His life might have been very different had it not been for his mother's ambition to have "the most handsome and famous son in the world". She wanted Sharif to have a glittering career as an academic. Accordingly, he graduated from Cairo University with a mathematics and physics major. "My mother was a little crazy and when I was born she decided that I would be the most good-looking man in the world, that I would be the greatest and most famous person in the world, although not for acting. She didn't want me to be an actor, that was a shameful thing in those days, she wanted me to be a genius in physics, mathematics or something like that. Whenever I made any mistakes, she used to beat me with her slipper on my behind. It didn't hurt too much," he laughs.
"When I was eight years old I became fat and she said, 'My son is ugly, he is awful,' and she thought to herself: 'Where is the worst food in the world?' She decided it was England, so she sent me to an English boarding school. If she hadn't done this I wouldn't have been here. I wouldn't have done Lawrence of Arabia or all these American films. "I learnt English and I became thin. There was a theatre in the school and when I was 13 they gave me the leading part in a play. I thought, 'That's what I want to do. I want to be an actor.' If I had not gone to England I would have become a fat Levantine timber merchant, like my father."
Sharif says he never watches his own movies and seldom goes to the cinema. "I've watched two films in the last 25 years, ET and Billy Elliot, I knew I would love them and I did. I hate seeing myself even in the new movies." Today he says he would refuse the part of a romantic lead even if it were offered to him, joking that his female co-star would have to be 75 "and people won't enjoy that sort of thing."
He still wants to make good films and says that he doesn't care about money. "I decided at my age you are old and you must not think of the past or the future. You must live every minute of your life totally and utterly as if it is your last. I have good health but you never know if it's going to be your last minute. You have to concentrate on your present life. "I'm trying not to make any film that I don't love. I'm reading a lot of scripts. I don't want to make so-so films, but also I don't ask for money any more. I give it all to my son who is 53. He has 15 restaurants in Egypt, so I eat for free. I have told him he must make a will and leave it all to my grandsons so I know where it is going. I give it to him on condition that if I need it he must send it to me immediately. My son pays my hotel bills."
Sharif's latest film is what brings him to Dubai. It is about the friendship between Jaume and a young girl called Marie, recently freed from prison, played by the Belgian actress Emilie Dequenne. During its making, he became fascinated with the subject of Alzheimer's disease, a condition that afflicts his character, Jaume. "I wanted to do a film about the miracle of life. It's a wonderful script and I was very intrigued by Alzheimer's disease. It produces great suffering, not by the people who have it, but by the people around them - the wives, the husbands, the families who see people they have loved all their lives [falling apart]."
"I went to hospitals where patients are cared for because a lot of people can't keep them at home as it's too much trouble. The thing is that patients are not all the same. Some of them are very silent and quiet and some are quite violent. They don't remember when they see their own sons and daughters. It's terrible for the children and for their friends." Between shoots Sharif - who is fluent in Arabic, French, Greek and English, and also speaks some Turkish, Italian and Spanish - lives between Paris and Egypt. In Egypt, he has an apartment in the home of Tarek, who appeared in Doctor Zhivago at the age of eight as the young Yuri.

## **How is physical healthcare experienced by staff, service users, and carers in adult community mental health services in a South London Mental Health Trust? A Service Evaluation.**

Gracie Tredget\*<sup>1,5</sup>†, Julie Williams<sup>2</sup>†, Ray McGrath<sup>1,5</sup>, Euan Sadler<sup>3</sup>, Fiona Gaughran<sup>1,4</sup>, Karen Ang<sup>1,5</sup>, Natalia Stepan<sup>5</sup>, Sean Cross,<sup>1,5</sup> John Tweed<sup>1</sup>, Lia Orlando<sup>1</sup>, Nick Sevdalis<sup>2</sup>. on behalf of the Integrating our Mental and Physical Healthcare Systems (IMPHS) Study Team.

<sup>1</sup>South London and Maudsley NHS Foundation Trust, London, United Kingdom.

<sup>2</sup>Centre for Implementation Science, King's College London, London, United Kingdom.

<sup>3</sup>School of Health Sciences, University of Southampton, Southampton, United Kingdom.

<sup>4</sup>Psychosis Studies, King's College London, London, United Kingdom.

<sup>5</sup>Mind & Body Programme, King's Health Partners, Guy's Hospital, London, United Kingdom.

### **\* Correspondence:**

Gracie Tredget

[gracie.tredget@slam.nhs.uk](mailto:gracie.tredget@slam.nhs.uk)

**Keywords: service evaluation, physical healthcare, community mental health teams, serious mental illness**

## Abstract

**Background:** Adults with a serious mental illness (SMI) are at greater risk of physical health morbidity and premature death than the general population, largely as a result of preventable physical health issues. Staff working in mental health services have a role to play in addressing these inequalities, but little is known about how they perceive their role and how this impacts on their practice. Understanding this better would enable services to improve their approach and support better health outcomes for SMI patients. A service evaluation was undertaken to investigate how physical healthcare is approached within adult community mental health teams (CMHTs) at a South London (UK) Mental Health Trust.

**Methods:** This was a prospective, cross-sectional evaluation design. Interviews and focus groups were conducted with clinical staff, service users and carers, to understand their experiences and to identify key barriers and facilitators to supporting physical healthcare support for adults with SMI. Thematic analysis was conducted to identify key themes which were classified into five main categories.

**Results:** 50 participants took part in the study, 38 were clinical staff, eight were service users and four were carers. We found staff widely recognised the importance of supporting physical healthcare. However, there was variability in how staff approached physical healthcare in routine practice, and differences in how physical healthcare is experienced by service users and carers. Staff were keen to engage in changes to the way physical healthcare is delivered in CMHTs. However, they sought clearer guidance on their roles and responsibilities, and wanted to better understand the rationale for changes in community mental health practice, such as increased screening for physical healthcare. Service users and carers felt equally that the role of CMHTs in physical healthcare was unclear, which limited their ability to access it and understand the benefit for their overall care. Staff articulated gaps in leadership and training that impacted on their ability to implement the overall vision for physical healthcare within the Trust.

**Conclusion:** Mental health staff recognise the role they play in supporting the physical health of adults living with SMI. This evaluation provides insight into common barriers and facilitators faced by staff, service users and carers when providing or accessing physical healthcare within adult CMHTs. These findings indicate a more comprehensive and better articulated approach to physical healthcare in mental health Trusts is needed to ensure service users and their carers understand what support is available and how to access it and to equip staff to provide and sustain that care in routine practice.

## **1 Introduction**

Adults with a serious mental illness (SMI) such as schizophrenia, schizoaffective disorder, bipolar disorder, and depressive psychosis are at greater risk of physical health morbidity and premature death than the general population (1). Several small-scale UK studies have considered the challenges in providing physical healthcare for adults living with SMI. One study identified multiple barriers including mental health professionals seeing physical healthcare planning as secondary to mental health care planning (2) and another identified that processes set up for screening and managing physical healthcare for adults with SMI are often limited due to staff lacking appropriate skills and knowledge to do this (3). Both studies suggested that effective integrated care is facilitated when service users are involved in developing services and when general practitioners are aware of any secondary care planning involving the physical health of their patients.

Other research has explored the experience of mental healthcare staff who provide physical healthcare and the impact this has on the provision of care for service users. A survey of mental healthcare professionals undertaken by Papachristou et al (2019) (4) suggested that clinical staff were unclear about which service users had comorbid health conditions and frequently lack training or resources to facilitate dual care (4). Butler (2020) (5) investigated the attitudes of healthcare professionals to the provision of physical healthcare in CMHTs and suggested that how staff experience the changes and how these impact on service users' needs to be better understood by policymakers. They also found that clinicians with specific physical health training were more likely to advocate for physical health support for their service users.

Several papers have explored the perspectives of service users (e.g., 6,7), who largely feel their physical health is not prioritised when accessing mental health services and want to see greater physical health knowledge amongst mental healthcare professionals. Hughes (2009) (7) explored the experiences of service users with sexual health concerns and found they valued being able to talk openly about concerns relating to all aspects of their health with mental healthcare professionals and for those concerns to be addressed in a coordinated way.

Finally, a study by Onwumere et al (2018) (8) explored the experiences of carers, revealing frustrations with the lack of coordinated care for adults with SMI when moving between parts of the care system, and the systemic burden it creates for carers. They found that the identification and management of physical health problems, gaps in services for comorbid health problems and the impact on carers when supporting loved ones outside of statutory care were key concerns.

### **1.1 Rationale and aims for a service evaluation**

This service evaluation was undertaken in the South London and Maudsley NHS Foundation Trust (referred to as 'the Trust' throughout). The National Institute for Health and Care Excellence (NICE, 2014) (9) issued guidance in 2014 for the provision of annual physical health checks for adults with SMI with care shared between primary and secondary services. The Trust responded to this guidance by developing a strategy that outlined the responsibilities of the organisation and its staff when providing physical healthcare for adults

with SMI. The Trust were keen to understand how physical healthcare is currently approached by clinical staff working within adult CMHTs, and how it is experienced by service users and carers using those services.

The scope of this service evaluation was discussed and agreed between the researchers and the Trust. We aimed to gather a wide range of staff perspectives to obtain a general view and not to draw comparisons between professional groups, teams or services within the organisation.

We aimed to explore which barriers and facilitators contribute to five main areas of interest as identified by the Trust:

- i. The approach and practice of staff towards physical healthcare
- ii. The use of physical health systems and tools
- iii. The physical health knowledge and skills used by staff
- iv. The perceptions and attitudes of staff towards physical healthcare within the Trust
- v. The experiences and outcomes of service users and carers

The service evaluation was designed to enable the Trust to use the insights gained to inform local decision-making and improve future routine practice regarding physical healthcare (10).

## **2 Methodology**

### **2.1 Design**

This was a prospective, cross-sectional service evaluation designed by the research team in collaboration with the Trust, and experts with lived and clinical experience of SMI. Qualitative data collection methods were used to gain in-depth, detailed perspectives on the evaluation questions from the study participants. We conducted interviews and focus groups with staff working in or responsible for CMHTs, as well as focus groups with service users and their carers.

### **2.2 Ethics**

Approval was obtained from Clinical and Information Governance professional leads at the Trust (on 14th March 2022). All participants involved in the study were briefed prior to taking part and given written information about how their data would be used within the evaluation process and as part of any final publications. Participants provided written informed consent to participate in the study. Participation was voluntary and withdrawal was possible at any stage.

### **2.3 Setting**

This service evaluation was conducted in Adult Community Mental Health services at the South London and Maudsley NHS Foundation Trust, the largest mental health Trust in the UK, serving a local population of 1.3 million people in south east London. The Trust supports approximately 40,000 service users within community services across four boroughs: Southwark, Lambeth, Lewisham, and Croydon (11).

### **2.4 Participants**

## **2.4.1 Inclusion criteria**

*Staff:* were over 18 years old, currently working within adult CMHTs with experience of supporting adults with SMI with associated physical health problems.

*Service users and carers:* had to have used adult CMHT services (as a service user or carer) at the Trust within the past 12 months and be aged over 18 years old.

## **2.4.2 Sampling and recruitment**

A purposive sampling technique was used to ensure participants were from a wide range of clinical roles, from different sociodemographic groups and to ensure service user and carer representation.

"My son has been divorced four times. He fell in love with a Canadian girl who was Jewish, then he married a Czechoslovakian Catholic girl, then a Muslim and finally a Russian Greek Orthodox woman." Sharif doesn't drink and has given up smoking after undergoing triple bypass surgery in 1992 and suffering a mild heart attack in 1994. He has also given up the other great love of his life, the game of bridge. At one time he was among the world's best known contract bridge players, with a syndicated newspaper column and several books to his name.
Now his one remaining passion is horse racing, something he shares with Sheikh Mohammed bin Rashid, Ruler of Dubai and Vice President of the UAE. "I have racing horses and I love them," he says. "It's my greatest hobby and I often see Sheikh Mohammed who has a very good stable and wins a lot of races. I never win any. I always go and congratulate him if he wins. Recently I had a very good filly called Lixirova and when she won a race he came to tell me: 'Oh you won a race. Congratulations.' She is a two-year-old and she's fantastic."
Sharif feels that he has been very lucky in his life and blessed that he now has the opportunity to enjoy time with his family - something he missed out on during those heady days in Hollywood. "I was a very lucky person all my life, from my birth until this moment. Although I'm touching wood I can say I have never had any bad luck. The greatest piece of luck that you can have is to be born into a family where the parents aren't divorced, where you have Mummy and Daddy in the same house, where they love each other and love you. This is very important for the rest of your life.
"The time I'm spending with my family now, I love. I have three grandsons and my son whom I adore. I wanted a little girl but God did not give me that. I went to a medical consultant and he told me your genes do not produce girls. I said that's such a sad thing to tell me. "Anyway, now I won't be producing either a boy or a girl," he says, pausing and smiling that devastating dark-eyed, gap-toothed smile. Suddenly the years fall away as he adds: "Although sometimes I might be tempted."
Be still my beating heart.